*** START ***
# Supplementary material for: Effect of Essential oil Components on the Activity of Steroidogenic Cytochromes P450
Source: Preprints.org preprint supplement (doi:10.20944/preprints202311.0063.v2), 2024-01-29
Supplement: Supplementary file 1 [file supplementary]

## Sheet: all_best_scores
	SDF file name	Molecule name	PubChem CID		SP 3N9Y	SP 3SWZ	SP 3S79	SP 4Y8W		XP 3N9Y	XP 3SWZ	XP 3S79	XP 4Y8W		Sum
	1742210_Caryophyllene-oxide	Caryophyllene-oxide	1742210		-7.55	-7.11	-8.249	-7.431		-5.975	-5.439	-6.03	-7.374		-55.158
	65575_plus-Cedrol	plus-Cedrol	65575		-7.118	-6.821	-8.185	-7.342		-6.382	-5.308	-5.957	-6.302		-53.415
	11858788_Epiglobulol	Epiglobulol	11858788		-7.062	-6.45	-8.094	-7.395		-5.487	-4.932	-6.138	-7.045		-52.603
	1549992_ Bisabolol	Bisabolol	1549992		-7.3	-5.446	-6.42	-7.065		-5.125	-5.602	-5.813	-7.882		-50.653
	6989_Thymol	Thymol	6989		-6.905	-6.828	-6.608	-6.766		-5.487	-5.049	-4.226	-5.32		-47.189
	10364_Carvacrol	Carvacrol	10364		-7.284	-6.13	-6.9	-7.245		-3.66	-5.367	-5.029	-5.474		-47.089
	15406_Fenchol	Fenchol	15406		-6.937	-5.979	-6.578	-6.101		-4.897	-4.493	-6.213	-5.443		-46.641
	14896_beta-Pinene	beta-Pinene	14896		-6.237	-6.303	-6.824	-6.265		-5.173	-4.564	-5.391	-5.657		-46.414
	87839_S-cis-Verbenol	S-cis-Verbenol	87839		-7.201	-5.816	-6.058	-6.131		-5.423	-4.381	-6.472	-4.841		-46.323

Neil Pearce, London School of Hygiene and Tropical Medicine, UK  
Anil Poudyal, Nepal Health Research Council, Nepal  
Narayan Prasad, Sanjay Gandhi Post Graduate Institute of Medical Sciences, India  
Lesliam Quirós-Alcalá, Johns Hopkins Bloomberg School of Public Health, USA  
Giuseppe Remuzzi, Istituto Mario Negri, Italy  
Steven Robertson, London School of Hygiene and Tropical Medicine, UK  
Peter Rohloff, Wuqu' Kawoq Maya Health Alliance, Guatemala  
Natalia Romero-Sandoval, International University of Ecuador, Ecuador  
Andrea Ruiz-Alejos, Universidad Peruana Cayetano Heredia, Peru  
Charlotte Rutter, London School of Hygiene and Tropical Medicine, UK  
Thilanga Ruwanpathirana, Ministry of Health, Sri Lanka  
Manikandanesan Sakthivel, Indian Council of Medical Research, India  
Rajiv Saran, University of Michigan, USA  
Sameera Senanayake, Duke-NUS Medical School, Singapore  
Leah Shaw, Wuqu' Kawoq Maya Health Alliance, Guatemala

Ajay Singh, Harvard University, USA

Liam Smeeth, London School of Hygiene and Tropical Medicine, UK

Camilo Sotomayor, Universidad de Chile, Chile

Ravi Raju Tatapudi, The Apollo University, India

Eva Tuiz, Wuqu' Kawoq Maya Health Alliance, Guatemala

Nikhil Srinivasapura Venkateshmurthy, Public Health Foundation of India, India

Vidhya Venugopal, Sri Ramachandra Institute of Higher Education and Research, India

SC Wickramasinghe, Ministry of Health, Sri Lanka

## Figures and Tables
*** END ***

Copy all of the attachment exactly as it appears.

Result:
# Supplementary material for: Effect of Essential oil Components on the Activity of Steroidogenic Cytochromes P450
Source: Preprints.org preprint supplement (doi:10.20944/preprints202311.0063.v2), 2024-01-29
Supplement: Supplementary file 1 [file supplementary]

## Sheet: all_best_scores
	SDF file name	Molecule name	PubChem CID		SP 3N9Y	SP 3SWZ	SP 3S79	SP 4Y8W		XP 3N9Y	XP 3SWZ	XP 3S79	XP 4Y8W		Sum
	1742210_Caryophyllene-oxide	Caryophyllene-oxide	1742210		-7.55	-7.11	-8.249	-7.431		-5.975	-5.439	-6.03	-7.374		-55.158
	65575_plus-Cedrol	plus-Cedrol	65575		-7.118	-6.821	-8.185	-7.342		-6.382	-5.308	-5.957	-6.302		-53.415
	11858788_Epiglobulol	Epiglobulol	11858788		-7.062	-6.45	-8.094	-7.395		-5.487	-4.932	-6.138	-7.045		-52.603
	1549992_ Bisabolol	Bisabolol	1549992		-7.3	-5.446	-6.42	-7.065		-5.125	-5.602	-5.813	-7.882		-50.653
	6989_Thymol	Thymol	6989		-6.905	-6.828	-6.608	-6.766		-5.487	-5.049	-4.226	-5.32		-47.189
	10364_Carvacrol	Carvacrol	10364		-7.284	-6.13	-6.9	-7.245		-3.66	-5.367	-5.029	-5.474		-47.089
	15406_Fenchol	Fenchol	15406		-6.937	-5.979	-6.578	-6.101		-4.897	-4.493	-6.213	-5.443		-46.641
	14896_beta-Pinene	beta-Pinene	14896		-6.237	-6.303	-6.824	-6.265		-5.173	-4.564	-5.391	-5.657		-46.414
	87839_S-cis-Verbenol	S-cis-Verbenol	87839		-7.201	-5.816	-6.058	-6.131		-5.423	-4.381	-6.472	-4.841		-46.323

Neil Pearce, London School of Hygiene and Tropical Medicine, UK  
Anil Poudyal, Nepal Health Research Council, Nepal  
Narayan Prasad, Sanjay Gandhi Post Graduate Institute of Medical Sciences, India  
Lesliam Quirós-Alcalá, Johns Hopkins Bloomberg School of Public Health, USA  
Giuseppe Remuzzi, Istituto Mario Negri, Italy  
Steven Robertson, London School of Hygiene and Tropical Medicine, UK  
Peter Rohloff, Wuqu' Kawoq Maya Health Alliance, Guatemala  
Natalia Romero-Sandoval, International University of Ecuador, Ecuador  
Andrea Ruiz-Alejos, Universidad Peruana Cayetano Heredia, Peru  
Charlotte Rutter, London School of Hygiene and Tropical Medicine, UK  
Thilanga Ruwanpathirana, Ministry of Health, Sri Lanka  
Manikandanesan Sakthivel, Indian Council of Medical Research, India  
Rajiv Saran, University of Michigan, USA  
Sameera Senanayake, Duke-NUS Medical School, Singapore  
Leah Shaw, Wuqu' Kawoq Maya Health Alliance, Guatemala

Ajay Singh, Harvard University, USA

Liam Smeeth, London School of Hygiene and Tropical Medicine, UK

Camilo Sotomayor, Universidad de Chile, Chile

Ravi Raju Tatapudi, The Apollo University, India

Eva Tuiz, Wuqu' Kawoq Maya Health Alliance, Guatemala

Nikhil Srinivasapura Venkateshmurthy, Public Health Foundation of India, India

Vidhya Venugopal, Sri Ramachandra Institute of Higher Education and Research, India

SC Wickramasinghe, Ministry of Health, Sri Lanka

## Figures and Tables